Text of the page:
Heimat Fragments: The Women is best seen as a pendant to the preceding serials, and individual scenes are fine. Admirers of the series will no doubt welcome the chance to revisit the characters they remember from the previous fifty-two hours. However, it is the least essential of the Heimat films.
At the age of eighty-one, Edgar Reitz did in fact make a further Heimat film, this time a prequel taking us back to the nineteenth century and the ancestors of the Simons and Wiegands, in 2013's Home from Home: Chronicle of a Vision.
Bypassing UK cinema release, Heimat Fragments: The Women was released on DVD by Second Sight, a dual-layered disc encoded for Region 2 only.
The DVD transfer is in the ratio of 1.78:1, anamorphically enhanced. The previous serials played in various ways with the contrast between black and white and colour, sometimes both in the same shot, all originated on 35mm film. Heimat Fragments throws a further texture into the mix, with the present-day footage shot on digital video. Time has taken a toll on some of the older footage, which dates back to 1984 and 1993, and splices and scratches are often visible. Also, the first two serials were shot in Academy Ratio (1.37:1), reflecting the ratio of television at the time: the footage from these has been reframed into the wider ratio by cropping either at the top or bottom or both. Meanwhile, the video footage doesn't look filmlike at all, and the contrast is certainly jarring, though clearly not the fault of this DVD.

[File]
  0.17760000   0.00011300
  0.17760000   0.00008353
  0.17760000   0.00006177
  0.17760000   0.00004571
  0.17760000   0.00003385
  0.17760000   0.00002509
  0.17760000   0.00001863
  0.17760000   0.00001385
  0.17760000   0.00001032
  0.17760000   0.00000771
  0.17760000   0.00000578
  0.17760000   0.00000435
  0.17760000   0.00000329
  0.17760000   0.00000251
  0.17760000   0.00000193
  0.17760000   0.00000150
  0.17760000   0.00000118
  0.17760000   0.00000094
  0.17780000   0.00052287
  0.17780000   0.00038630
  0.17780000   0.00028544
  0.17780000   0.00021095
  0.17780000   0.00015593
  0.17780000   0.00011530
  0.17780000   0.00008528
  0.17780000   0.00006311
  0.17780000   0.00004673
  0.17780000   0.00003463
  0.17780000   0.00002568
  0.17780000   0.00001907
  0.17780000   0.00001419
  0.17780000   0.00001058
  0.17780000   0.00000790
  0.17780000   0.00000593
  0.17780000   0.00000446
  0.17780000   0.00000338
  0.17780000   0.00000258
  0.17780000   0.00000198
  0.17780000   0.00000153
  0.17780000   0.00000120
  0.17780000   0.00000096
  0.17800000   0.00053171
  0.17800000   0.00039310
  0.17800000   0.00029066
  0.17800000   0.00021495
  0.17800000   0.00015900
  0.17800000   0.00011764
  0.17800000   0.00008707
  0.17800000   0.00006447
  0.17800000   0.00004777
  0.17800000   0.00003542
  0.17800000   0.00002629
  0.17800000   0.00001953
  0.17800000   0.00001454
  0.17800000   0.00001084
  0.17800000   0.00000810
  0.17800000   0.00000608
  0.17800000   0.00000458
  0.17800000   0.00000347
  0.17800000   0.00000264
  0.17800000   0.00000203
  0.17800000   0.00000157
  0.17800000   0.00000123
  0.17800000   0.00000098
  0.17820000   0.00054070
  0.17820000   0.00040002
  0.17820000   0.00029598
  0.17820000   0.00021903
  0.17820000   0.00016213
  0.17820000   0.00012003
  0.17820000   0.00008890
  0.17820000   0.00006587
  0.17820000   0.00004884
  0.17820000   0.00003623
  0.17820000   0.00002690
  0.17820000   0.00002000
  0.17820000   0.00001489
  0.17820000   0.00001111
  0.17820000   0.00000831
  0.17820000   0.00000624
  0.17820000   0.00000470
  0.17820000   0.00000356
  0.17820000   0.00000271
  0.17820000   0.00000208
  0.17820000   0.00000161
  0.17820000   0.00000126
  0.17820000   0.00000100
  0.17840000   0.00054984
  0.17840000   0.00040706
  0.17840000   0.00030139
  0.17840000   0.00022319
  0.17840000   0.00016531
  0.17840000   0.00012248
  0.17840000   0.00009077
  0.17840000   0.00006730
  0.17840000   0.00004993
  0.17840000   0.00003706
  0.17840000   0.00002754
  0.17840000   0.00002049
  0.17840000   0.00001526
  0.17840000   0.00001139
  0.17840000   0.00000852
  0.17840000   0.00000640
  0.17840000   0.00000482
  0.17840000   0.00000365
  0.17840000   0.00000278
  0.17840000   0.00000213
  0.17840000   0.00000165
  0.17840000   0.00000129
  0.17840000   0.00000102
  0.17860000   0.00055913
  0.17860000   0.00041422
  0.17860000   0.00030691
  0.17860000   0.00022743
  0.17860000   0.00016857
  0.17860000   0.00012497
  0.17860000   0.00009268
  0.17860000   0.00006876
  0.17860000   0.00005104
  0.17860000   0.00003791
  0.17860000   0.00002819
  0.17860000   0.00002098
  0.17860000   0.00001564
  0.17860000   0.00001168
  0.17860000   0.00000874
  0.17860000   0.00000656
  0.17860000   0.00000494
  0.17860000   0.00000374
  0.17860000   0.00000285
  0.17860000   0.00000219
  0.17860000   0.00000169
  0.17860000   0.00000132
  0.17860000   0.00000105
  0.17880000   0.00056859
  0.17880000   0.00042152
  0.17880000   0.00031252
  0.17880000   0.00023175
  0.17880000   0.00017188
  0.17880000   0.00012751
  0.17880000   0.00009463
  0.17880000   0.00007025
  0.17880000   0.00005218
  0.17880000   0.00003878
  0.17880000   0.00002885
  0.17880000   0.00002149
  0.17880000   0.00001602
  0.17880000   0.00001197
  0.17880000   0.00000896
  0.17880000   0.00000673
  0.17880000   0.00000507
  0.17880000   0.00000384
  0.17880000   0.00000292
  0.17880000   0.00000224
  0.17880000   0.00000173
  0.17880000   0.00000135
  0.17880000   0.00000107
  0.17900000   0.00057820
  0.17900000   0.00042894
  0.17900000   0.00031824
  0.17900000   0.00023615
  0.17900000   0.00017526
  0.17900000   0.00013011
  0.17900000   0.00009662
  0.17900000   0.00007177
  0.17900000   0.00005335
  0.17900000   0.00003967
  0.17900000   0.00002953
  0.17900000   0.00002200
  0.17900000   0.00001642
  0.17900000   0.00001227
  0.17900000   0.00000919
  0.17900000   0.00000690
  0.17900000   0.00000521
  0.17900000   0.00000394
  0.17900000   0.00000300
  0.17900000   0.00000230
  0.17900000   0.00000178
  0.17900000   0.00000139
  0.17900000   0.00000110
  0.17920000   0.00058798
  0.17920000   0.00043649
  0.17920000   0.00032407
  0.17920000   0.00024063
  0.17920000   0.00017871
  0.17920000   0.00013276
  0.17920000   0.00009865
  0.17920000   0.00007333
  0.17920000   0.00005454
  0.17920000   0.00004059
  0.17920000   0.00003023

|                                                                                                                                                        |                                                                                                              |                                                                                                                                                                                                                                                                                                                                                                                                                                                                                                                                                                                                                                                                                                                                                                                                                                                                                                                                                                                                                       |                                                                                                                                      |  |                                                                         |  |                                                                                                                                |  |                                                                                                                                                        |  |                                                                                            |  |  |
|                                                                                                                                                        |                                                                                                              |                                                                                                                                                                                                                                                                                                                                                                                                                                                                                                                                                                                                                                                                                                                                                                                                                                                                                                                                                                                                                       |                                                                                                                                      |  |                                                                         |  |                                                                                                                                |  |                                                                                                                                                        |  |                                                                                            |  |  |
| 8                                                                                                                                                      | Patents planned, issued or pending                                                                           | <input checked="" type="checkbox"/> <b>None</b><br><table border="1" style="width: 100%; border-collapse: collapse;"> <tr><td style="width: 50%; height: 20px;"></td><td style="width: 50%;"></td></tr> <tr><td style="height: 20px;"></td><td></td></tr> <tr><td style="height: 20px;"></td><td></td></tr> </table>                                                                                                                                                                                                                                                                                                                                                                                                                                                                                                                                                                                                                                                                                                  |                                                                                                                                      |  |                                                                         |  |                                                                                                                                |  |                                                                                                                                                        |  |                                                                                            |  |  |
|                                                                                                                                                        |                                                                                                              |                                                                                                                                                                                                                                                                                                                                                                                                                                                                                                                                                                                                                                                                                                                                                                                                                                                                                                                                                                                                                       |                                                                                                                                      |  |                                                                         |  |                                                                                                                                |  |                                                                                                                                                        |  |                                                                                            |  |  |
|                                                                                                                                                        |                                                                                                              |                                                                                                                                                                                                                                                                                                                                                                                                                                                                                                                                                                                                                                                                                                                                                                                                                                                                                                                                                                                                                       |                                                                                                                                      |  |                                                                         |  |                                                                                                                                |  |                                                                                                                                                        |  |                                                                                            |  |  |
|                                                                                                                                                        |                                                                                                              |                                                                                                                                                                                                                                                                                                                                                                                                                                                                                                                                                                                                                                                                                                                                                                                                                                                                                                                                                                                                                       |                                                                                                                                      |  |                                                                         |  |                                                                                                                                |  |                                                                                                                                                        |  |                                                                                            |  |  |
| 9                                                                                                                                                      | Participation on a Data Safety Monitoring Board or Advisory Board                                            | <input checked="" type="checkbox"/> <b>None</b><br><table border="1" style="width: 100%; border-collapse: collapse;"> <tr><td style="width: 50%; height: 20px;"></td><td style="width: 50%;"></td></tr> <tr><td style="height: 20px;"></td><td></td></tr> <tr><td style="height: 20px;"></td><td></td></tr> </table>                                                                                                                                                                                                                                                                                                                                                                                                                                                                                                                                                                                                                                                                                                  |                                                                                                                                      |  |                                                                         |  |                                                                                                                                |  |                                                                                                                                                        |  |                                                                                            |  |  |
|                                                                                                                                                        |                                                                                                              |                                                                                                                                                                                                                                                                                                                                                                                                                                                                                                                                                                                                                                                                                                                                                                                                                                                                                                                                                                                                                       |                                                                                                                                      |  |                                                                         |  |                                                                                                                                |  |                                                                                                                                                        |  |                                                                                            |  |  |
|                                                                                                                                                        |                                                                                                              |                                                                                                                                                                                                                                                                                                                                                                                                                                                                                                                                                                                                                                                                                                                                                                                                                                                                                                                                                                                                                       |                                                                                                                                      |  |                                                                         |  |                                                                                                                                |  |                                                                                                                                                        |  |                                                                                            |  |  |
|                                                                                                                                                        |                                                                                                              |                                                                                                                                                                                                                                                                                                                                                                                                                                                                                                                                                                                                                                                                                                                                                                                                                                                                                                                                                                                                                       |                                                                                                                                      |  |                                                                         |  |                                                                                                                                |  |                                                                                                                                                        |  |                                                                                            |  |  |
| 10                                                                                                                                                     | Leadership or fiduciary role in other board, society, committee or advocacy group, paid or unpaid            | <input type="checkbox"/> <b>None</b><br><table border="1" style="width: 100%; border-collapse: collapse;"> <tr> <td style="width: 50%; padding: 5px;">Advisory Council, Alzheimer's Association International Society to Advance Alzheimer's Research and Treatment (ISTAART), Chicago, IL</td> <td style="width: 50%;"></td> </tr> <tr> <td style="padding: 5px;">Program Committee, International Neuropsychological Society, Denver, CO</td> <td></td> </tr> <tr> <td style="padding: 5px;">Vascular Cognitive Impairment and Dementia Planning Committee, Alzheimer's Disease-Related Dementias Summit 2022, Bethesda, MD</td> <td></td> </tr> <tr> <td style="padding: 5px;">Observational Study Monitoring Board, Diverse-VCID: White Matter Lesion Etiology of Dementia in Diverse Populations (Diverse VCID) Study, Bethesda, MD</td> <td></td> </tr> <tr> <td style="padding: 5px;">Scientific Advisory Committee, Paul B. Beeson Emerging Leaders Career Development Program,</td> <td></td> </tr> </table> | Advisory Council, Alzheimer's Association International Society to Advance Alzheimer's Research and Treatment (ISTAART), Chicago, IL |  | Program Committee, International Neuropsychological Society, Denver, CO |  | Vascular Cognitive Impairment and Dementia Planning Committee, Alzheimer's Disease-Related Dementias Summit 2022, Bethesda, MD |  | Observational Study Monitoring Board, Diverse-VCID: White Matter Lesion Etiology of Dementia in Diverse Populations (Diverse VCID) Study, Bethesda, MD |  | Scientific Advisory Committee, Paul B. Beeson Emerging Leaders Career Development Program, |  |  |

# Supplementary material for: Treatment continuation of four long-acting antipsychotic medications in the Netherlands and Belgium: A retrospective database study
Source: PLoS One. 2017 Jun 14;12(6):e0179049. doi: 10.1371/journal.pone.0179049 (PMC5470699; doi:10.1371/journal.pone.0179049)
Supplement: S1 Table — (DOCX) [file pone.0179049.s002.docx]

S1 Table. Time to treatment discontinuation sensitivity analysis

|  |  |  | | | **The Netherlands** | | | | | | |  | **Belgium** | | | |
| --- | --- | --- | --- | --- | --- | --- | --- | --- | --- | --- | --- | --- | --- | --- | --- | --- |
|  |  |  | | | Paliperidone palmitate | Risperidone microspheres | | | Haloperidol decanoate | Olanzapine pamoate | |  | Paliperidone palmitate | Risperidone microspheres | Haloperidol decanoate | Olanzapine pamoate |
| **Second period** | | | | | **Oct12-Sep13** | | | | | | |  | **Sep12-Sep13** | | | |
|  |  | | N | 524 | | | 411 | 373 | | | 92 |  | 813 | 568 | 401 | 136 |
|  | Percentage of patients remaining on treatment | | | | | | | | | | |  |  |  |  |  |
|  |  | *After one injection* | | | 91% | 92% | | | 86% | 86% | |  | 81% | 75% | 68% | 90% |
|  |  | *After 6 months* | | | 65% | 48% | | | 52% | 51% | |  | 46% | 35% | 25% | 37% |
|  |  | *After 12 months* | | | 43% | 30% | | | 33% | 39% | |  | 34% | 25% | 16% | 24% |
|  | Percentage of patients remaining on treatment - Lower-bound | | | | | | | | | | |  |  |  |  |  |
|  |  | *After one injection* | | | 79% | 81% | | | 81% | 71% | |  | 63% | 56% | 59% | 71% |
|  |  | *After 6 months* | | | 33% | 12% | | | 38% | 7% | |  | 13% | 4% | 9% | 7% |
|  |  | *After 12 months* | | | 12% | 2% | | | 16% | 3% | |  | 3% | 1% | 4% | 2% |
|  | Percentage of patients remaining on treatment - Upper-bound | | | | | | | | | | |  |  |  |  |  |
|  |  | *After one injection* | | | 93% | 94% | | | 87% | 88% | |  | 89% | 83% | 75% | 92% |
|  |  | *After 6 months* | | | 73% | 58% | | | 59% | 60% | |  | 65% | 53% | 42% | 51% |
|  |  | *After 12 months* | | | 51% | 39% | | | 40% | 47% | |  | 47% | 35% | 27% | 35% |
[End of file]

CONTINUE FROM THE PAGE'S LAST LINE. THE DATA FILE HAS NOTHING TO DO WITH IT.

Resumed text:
The soundtrack is in Dolby Surround (2.0) with optional English subtitles for this German-language film. There are no issues with clarity or lipsynch, but pretty much plain mono for most of it and very little use of directional sound.
There are no extras.